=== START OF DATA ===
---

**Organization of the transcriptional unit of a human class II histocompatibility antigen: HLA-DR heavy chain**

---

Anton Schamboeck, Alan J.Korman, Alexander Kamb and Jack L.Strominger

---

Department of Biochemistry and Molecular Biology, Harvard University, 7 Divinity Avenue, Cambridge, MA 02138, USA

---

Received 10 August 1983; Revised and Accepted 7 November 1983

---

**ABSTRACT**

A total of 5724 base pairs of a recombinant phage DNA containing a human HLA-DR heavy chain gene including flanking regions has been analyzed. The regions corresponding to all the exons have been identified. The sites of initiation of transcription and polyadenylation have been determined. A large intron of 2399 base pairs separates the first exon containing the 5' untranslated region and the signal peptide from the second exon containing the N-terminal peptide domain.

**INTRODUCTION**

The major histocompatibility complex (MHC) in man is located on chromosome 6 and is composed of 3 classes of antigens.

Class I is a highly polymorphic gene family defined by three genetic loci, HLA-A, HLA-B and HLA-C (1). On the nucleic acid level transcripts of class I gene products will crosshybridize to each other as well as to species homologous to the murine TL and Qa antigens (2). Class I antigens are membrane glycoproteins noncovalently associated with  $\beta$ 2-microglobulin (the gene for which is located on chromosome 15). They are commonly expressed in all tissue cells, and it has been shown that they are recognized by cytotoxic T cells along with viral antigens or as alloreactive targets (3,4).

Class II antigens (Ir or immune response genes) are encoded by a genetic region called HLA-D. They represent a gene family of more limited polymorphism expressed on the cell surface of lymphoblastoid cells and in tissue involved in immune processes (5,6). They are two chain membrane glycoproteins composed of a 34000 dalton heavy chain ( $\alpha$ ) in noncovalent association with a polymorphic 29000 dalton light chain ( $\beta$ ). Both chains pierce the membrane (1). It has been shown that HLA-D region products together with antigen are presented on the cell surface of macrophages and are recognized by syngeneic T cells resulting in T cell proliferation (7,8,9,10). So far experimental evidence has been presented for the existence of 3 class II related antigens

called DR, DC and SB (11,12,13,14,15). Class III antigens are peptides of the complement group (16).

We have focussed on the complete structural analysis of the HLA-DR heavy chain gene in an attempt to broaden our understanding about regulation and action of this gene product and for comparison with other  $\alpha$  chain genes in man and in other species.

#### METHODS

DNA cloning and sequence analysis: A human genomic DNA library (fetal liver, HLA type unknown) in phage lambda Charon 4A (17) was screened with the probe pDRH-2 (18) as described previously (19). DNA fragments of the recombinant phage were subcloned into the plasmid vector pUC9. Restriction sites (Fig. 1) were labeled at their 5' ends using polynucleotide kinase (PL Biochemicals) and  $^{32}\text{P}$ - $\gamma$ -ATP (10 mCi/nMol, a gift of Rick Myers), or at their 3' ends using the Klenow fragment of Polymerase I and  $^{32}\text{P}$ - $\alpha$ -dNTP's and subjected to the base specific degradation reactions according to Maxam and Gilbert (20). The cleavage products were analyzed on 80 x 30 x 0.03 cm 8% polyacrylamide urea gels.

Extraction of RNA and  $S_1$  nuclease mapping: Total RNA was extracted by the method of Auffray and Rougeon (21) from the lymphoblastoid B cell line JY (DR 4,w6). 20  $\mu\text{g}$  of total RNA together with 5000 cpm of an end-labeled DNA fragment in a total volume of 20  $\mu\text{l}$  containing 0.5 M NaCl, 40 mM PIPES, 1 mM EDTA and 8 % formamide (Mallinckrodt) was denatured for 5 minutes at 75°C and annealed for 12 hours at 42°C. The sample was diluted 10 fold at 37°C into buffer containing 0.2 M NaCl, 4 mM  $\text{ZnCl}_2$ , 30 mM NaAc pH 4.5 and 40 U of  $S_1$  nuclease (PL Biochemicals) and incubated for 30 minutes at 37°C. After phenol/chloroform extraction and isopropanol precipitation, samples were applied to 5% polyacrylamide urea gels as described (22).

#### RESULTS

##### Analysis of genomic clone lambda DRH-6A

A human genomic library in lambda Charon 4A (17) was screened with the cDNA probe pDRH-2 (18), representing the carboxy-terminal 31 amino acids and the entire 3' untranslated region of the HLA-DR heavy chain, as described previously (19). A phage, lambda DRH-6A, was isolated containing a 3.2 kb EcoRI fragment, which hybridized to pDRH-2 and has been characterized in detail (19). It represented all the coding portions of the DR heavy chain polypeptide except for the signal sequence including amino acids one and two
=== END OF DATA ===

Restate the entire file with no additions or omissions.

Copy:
---

**Organization of the transcriptional unit of a human class II histocompatibility antigen: HLA-DR heavy chain**

---

Anton Schamboeck, Alan J.Korman, Alexander Kamb and Jack L.Strominger

---

Department of Biochemistry and Molecular Biology, Harvard University, 7 Divinity Avenue, Cambridge, MA 02138, USA

---

Received 10 August 1983; Revised and Accepted 7 November 1983

---

**ABSTRACT**

A total of 5724 base pairs of a recombinant phage DNA containing a human HLA-DR heavy chain gene including flanking regions has been analyzed. The regions corresponding to all the exons have been identified. The sites of initiation of transcription and polyadenylation have been determined. A large intron of 2399 base pairs separates the first exon containing the 5' untranslated region and the signal peptide from the second exon containing the N-terminal peptide domain.

**INTRODUCTION**

The major histocompatibility complex (MHC) in man is located on chromosome 6 and is composed of 3 classes of antigens.

Class I is a highly polymorphic gene family defined by three genetic loci, HLA-A, HLA-B and HLA-C (1). On the nucleic acid level transcripts of class I gene products will crosshybridize to each other as well as to species homologous to the murine TL and Qa antigens (2). Class I antigens are membrane glycoproteins noncovalently associated with  $\beta$ 2-microglobulin (the gene for which is located on chromosome 15). They are commonly expressed in all tissue cells, and it has been shown that they are recognized by cytotoxic T cells along with viral antigens or as alloreactive targets (3,4).

Class II antigens (Ir or immune response genes) are encoded by a genetic region called HLA-D. They represent a gene family of more limited polymorphism expressed on the cell surface of lymphoblastoid cells and in tissue involved in immune processes (5,6). They are two chain membrane glycoproteins composed of a 34000 dalton heavy chain ( $\alpha$ ) in noncovalent association with a polymorphic 29000 dalton light chain ( $\beta$ ). Both chains pierce the membrane (1). It has been shown that HLA-D region products together with antigen are presented on the cell surface of macrophages and are recognized by syngeneic T cells resulting in T cell proliferation (7,8,9,10). So far experimental evidence has been presented for the existence of 3 class II related antigens

called DR, DC and SB (11,12,13,14,15). Class III antigens are peptides of the complement group (16).

We have focussed on the complete structural analysis of the HLA-DR heavy chain gene in an attempt to broaden our understanding about regulation and action of this gene product and for comparison with other  $\alpha$  chain genes in man and in other species.

#### METHODS

DNA cloning and sequence analysis: A human genomic DNA library (fetal liver, HLA type unknown) in phage lambda Charon 4A (17) was screened with the probe pDRH-2 (18) as described previously (19). DNA fragments of the recombinant phage were subcloned into the plasmid vector pUC9. Restriction sites (Fig. 1) were labeled at their 5' ends using polynucleotide kinase (PL Biochemicals) and  $^{32}\text{P}$ - $\gamma$ -ATP (10 mCi/nMol, a gift of Rick Myers), or at their 3' ends using the Klenow fragment of Polymerase I and  $^{32}\text{P}$ - $\alpha$ -dNTP's and subjected to the base specific degradation reactions according to Maxam and Gilbert (20). The cleavage products were analyzed on 80 x 30 x 0.03 cm 8% polyacrylamide urea gels.

Extraction of RNA and  $S_1$  nuclease mapping: Total RNA was extracted by the method of Auffray and Rougeon (21) from the lymphoblastoid B cell line JY (DR 4,w6). 20  $\mu\text{g}$  of total RNA together with 5000 cpm of an end-labeled DNA fragment in a total volume of 20  $\mu\text{l}$  containing 0.5 M NaCl, 40 mM PIPES, 1 mM EDTA and 8 % formamide (Mallinckrodt) was denatured for 5 minutes at 75°C and annealed for 12 hours at 42°C. The sample was diluted 10 fold at 37°C into buffer containing 0.2 M NaCl, 4 mM  $\text{ZnCl}_2$ , 30 mM NaAc pH 4.5 and 40 U of  $S_1$  nuclease (PL Biochemicals) and incubated for 30 minutes at 37°C. After phenol/chloroform extraction and isopropanol precipitation, samples were applied to 5% polyacrylamide urea gels as described (22).

#### RESULTS

##### Analysis of genomic clone lambda DRH-6A

A human genomic library in lambda Charon 4A (17) was screened with the cDNA probe pDRH-2 (18), representing the carboxy-terminal 31 amino acids and the entire 3' untranslated region of the HLA-DR heavy chain, as described previously (19). A phage, lambda DRH-6A, was isolated containing a 3.2 kb EcoRI fragment, which hybridized to pDRH-2 and has been characterized in detail (19). It represented all the coding portions of the DR heavy chain polypeptide except for the signal sequence including amino acids one and two